In these difficult Covid times, many organisations are having to implement a redundancy programme. Often this will mean that some of the workforce will be leaving and some staying. Redundancies take a huge amount of management and Human Resources time, and coping with the process leaves little energy to devote to the people who are staying in the business.

Yet we will be relying on those very same people to take the business forward into the future. So how do we make sure the people staying are still motivated?

Firstly, make sure that those being made redundant are treated well. Not necessarily in terms of enhanced redundancy pay which may not be an option at the moment, but in terms of treating them with respect and being honest and fair in making decisions. Communicating at the relevant times is important, as is explaining any delays to the process. Those left in the organisation, will watch how the redundancy process is managed and will form a view of how they might be treated in the future.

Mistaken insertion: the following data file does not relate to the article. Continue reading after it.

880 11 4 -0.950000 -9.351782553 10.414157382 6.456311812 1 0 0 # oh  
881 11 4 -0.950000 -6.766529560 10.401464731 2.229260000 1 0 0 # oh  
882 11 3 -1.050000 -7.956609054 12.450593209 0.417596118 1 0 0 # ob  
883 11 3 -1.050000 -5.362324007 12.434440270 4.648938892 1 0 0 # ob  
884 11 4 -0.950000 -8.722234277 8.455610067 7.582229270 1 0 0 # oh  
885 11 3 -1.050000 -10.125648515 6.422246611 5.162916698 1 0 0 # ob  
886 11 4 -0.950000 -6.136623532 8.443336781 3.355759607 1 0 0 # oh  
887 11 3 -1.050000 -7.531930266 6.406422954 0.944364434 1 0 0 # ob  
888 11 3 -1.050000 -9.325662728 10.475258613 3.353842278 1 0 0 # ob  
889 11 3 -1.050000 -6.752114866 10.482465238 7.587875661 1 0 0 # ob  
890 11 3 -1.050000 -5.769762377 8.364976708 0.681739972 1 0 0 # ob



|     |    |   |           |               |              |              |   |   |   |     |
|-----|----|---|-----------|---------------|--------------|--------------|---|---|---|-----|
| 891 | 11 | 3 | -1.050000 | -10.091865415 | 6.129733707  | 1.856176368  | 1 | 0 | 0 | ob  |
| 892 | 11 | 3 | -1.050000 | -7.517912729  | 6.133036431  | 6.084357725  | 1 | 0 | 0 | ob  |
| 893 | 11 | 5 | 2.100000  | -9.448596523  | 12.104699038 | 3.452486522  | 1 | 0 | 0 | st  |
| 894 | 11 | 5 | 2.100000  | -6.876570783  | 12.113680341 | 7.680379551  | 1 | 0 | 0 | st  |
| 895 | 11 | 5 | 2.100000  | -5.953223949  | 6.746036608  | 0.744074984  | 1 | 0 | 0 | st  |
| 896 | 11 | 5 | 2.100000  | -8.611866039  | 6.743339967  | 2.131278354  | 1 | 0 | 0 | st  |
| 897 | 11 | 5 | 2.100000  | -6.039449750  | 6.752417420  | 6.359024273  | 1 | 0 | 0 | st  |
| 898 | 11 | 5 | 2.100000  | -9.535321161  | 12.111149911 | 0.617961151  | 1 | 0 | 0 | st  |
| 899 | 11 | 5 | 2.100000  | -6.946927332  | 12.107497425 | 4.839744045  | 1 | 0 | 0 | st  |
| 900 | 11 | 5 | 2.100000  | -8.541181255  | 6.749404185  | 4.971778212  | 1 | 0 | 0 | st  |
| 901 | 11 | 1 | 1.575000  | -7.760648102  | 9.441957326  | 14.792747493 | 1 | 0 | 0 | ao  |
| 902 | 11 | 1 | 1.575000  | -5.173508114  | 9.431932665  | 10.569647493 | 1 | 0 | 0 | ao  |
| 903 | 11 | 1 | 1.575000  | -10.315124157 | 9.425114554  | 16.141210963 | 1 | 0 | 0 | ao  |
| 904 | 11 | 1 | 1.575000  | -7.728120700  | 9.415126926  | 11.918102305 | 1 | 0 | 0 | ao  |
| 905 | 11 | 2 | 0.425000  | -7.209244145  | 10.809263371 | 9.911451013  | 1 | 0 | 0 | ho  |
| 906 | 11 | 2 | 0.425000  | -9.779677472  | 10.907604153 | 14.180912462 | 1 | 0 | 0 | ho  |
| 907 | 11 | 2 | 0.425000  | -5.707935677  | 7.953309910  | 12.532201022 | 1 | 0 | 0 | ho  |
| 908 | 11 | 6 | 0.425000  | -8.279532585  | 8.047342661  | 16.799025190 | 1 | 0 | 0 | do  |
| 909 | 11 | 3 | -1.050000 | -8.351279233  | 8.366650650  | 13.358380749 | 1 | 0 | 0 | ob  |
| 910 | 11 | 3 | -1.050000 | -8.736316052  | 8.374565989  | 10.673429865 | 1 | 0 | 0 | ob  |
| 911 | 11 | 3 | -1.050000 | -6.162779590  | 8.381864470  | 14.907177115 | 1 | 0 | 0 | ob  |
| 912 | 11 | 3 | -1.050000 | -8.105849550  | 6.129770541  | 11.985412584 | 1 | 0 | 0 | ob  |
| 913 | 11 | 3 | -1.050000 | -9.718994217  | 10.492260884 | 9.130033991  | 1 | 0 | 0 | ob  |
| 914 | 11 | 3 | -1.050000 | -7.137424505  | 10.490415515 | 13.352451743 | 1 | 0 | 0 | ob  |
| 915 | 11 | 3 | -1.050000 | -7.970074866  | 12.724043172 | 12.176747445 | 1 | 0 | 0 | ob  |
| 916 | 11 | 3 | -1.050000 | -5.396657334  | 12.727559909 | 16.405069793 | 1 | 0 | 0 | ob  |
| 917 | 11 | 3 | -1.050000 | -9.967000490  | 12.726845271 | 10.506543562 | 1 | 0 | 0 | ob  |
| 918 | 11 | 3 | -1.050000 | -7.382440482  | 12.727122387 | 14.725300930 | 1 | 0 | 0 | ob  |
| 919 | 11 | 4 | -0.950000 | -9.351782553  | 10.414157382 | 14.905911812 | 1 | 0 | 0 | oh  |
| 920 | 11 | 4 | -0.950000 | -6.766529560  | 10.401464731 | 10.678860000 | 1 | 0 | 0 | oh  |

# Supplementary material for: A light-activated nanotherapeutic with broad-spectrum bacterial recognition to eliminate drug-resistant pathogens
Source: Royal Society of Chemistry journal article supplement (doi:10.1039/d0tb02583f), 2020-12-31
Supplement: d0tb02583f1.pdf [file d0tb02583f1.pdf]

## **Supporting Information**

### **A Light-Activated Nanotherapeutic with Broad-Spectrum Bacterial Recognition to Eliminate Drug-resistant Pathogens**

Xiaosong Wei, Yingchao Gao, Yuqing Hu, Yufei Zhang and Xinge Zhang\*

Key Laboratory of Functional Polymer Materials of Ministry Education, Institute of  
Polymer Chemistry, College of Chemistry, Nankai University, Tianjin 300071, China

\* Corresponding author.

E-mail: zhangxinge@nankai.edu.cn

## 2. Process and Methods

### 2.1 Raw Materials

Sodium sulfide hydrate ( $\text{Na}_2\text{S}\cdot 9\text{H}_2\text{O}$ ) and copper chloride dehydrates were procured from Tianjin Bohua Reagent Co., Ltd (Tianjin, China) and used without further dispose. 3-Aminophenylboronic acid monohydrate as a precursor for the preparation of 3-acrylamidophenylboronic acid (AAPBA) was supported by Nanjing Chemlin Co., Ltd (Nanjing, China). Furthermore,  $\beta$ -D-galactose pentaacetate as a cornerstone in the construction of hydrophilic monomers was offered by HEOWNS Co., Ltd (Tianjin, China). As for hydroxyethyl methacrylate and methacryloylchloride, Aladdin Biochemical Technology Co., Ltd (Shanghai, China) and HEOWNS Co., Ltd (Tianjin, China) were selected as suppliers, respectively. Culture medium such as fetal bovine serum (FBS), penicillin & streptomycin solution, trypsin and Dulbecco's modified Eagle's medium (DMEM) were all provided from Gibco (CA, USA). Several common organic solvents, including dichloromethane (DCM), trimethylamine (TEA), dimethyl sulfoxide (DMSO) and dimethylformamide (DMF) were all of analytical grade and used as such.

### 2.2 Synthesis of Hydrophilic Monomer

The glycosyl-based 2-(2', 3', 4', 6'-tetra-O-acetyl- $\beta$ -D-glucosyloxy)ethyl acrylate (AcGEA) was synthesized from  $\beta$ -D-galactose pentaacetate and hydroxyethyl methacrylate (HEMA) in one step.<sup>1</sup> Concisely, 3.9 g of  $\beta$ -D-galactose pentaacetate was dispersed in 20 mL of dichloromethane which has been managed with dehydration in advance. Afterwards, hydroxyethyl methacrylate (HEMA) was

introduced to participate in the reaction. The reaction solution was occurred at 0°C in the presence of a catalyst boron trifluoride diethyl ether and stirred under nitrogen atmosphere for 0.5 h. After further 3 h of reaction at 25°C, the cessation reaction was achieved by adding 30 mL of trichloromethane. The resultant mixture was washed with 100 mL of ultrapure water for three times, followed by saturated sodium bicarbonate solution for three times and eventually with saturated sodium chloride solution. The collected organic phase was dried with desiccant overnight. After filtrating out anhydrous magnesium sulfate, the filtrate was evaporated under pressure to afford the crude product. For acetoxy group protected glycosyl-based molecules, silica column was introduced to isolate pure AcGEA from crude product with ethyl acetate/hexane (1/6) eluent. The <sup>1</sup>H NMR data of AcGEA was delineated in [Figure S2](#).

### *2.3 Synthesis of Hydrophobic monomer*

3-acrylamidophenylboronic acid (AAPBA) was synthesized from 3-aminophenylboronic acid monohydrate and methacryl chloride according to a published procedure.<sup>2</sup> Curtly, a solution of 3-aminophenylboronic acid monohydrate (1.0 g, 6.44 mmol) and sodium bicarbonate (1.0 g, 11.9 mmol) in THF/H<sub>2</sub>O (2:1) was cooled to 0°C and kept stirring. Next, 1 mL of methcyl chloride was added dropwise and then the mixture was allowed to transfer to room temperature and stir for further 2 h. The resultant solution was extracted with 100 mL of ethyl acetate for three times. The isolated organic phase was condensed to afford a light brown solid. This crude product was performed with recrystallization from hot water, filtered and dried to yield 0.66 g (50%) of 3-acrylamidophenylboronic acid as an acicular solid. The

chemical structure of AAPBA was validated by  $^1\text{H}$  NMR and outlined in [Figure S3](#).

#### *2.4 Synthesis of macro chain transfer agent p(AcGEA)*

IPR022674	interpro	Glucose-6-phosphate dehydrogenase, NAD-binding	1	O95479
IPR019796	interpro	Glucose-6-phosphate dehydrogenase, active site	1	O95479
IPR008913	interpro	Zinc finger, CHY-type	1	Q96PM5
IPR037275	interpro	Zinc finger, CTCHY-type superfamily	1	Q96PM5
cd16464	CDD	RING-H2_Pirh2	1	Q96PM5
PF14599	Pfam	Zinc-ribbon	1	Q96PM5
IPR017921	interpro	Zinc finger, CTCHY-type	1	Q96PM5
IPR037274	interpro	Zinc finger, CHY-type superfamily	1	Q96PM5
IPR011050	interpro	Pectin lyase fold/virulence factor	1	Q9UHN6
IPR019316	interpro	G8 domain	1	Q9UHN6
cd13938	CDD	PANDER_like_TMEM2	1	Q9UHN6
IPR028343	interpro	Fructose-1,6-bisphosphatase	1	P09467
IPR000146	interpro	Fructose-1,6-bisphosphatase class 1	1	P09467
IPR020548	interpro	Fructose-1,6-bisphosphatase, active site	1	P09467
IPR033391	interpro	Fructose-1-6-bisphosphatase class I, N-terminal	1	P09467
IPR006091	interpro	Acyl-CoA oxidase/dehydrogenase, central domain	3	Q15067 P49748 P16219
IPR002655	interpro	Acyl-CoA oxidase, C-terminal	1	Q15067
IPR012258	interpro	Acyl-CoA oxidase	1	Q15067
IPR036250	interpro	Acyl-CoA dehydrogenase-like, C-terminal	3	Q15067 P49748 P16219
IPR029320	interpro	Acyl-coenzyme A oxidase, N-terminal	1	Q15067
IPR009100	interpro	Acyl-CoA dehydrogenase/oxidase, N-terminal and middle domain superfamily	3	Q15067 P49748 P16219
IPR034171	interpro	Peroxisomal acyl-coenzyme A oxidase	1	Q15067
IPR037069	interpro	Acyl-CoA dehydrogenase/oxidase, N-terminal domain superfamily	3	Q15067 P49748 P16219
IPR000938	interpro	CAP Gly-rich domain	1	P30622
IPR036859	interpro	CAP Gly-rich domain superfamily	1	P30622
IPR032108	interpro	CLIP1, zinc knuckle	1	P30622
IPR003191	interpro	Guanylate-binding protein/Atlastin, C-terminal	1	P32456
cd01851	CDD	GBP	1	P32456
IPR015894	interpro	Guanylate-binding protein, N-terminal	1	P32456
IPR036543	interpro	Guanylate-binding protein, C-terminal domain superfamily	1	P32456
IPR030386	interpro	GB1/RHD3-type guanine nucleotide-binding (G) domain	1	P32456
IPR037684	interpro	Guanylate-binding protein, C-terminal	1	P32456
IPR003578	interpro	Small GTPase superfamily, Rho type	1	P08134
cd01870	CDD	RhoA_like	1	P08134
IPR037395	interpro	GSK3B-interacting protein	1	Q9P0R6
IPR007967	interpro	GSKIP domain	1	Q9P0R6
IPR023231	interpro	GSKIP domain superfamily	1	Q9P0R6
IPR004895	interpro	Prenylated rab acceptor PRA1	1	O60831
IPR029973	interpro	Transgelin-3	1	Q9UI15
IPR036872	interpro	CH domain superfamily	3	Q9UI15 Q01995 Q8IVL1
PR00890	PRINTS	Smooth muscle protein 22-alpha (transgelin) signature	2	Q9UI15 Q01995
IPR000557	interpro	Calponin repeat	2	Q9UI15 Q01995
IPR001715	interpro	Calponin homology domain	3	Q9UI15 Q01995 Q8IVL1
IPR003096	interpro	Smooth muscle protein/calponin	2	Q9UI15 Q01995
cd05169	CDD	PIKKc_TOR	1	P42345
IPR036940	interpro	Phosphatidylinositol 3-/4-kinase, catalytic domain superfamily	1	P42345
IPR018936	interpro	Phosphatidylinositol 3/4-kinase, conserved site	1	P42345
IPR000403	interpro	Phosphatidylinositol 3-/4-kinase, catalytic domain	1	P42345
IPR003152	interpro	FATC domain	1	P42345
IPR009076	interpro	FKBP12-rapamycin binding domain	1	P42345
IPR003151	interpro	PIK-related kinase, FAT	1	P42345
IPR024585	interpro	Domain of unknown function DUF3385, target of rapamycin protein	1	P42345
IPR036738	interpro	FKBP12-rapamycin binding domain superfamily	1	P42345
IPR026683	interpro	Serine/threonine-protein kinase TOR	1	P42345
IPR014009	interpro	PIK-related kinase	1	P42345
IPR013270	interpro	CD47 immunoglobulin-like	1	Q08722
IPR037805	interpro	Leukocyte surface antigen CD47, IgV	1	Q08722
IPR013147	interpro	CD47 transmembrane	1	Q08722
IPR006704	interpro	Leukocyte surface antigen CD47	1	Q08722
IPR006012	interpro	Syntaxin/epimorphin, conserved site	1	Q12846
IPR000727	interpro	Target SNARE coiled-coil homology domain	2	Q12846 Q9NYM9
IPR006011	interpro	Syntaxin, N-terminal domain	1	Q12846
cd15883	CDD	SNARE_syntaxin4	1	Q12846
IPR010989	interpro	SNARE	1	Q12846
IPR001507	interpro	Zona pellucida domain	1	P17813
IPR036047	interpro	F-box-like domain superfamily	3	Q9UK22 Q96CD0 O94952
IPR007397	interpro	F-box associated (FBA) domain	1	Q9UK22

Communication is key with the remaining workforce. Confirming that their jobs are secure (at least for now), will go some way to allaying their fears about job security. Communicating the vision for the future of the business is important, so that these people can focus on where the organisation is heading and not just on the redundancies of their colleagues.

Making time to talk is also important. The remaining workforce may feel guilty that they still have jobs. So, don’t forget them in the pressure and stress of the redundancy process.